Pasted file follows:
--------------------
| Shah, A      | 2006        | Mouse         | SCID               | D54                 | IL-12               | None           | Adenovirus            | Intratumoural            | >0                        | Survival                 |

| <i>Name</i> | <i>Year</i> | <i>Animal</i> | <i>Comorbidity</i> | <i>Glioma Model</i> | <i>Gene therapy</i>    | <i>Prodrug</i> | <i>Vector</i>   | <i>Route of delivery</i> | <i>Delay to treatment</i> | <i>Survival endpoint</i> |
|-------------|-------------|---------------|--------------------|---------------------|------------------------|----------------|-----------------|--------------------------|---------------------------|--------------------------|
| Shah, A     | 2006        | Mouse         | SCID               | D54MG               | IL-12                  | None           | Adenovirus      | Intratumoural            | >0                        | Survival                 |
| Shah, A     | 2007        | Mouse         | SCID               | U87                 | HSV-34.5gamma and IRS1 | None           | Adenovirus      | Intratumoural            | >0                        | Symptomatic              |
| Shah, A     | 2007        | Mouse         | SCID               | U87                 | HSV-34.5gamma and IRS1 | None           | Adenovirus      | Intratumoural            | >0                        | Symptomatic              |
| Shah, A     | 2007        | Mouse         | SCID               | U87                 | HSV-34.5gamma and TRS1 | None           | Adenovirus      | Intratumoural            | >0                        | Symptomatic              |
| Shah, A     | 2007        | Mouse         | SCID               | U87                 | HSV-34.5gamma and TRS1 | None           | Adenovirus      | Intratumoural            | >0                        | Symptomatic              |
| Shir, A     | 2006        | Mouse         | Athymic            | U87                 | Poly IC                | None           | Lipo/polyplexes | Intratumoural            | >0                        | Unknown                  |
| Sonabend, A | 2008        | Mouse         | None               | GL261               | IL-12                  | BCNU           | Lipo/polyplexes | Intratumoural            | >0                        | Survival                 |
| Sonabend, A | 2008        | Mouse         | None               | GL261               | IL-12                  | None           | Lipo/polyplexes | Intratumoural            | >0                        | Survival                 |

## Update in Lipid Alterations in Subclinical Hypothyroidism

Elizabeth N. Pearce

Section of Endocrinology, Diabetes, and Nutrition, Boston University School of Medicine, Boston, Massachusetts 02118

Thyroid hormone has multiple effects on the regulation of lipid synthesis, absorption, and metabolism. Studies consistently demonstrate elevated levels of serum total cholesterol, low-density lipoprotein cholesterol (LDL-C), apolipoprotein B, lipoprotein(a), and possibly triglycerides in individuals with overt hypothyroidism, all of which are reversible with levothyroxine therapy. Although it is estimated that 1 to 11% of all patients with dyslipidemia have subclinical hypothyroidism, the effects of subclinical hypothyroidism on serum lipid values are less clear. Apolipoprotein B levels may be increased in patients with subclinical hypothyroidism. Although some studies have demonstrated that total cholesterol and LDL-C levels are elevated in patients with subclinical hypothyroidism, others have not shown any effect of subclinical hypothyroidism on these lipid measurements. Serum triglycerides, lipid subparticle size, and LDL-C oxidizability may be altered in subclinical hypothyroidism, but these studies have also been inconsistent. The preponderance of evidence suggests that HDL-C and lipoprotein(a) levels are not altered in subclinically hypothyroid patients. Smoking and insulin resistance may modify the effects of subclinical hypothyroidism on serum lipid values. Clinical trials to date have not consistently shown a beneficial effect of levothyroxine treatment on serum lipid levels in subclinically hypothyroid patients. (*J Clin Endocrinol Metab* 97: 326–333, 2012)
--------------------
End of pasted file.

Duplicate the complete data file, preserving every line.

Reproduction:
| Shah, A      | 2006        | Mouse         | SCID               | D54                 | IL-12               | None           | Adenovirus            | Intratumoural            | >0                        | Survival                 |

| <i>Name</i> | <i>Year</i> | <i>Animal</i> | <i>Comorbidity</i> | <i>Glioma Model</i> | <i>Gene therapy</i>    | <i>Prodrug</i> | <i>Vector</i>   | <i>Route of delivery</i> | <i>Delay to treatment</i> | <i>Survival endpoint</i> |
|-------------|-------------|---------------|--------------------|---------------------|------------------------|----------------|-----------------|--------------------------|---------------------------|--------------------------|
| Shah, A     | 2006        | Mouse         | SCID               | D54MG               | IL-12                  | None           | Adenovirus      | Intratumoural            | >0                        | Survival                 |
| Shah, A     | 2007        | Mouse         | SCID               | U87                 | HSV-34.5gamma and IRS1 | None           | Adenovirus      | Intratumoural            | >0                        | Symptomatic              |
| Shah, A     | 2007        | Mouse         | SCID               | U87                 | HSV-34.5gamma and IRS1 | None           | Adenovirus      | Intratumoural            | >0                        | Symptomatic              |
| Shah, A     | 2007        | Mouse         | SCID               | U87                 | HSV-34.5gamma and TRS1 | None           | Adenovirus      | Intratumoural            | >0                        | Symptomatic              |
| Shah, A     | 2007        | Mouse         | SCID               | U87                 | HSV-34.5gamma and TRS1 | None           | Adenovirus      | Intratumoural            | >0                        | Symptomatic              |
| Shir, A     | 2006        | Mouse         | Athymic            | U87                 | Poly IC                | None           | Lipo/polyplexes | Intratumoural            | >0                        | Unknown                  |
| Sonabend, A | 2008        | Mouse         | None               | GL261               | IL-12                  | BCNU           | Lipo/polyplexes | Intratumoural            | >0                        | Survival                 |
| Sonabend, A | 2008        | Mouse         | None               | GL261               | IL-12                  | None           | Lipo/polyplexes | Intratumoural            | >0                        | Survival                 |

## Update in Lipid Alterations in Subclinical Hypothyroidism

Elizabeth N. Pearce

Section of Endocrinology, Diabetes, and Nutrition, Boston University School of Medicine, Boston, Massachusetts 02118

Thyroid hormone has multiple effects on the regulation of lipid synthesis, absorption, and metabolism. Studies consistently demonstrate elevated levels of serum total cholesterol, low-density lipoprotein cholesterol (LDL-C), apolipoprotein B, lipoprotein(a), and possibly triglycerides in individuals with overt hypothyroidism, all of which are reversible with levothyroxine therapy. Although it is estimated that 1 to 11% of all patients with dyslipidemia have subclinical hypothyroidism, the effects of subclinical hypothyroidism on serum lipid values are less clear. Apolipoprotein B levels may be increased in patients with subclinical hypothyroidism. Although some studies have demonstrated that total cholesterol and LDL-C levels are elevated in patients with subclinical hypothyroidism, others have not shown any effect of subclinical hypothyroidism on these lipid measurements. Serum triglycerides, lipid subparticle size, and LDL-C oxidizability may be altered in subclinical hypothyroidism, but these studies have also been inconsistent. The preponderance of evidence suggests that HDL-C and lipoprotein(a) levels are not altered in subclinically hypothyroid patients. Smoking and insulin resistance may modify the effects of subclinical hypothyroidism on serum lipid values. Clinical trials to date have not consistently shown a beneficial effect of levothyroxine treatment on serum lipid levels in subclinically hypothyroid patients. (*J Clin Endocrinol Metab* 97: 326–333, 2012)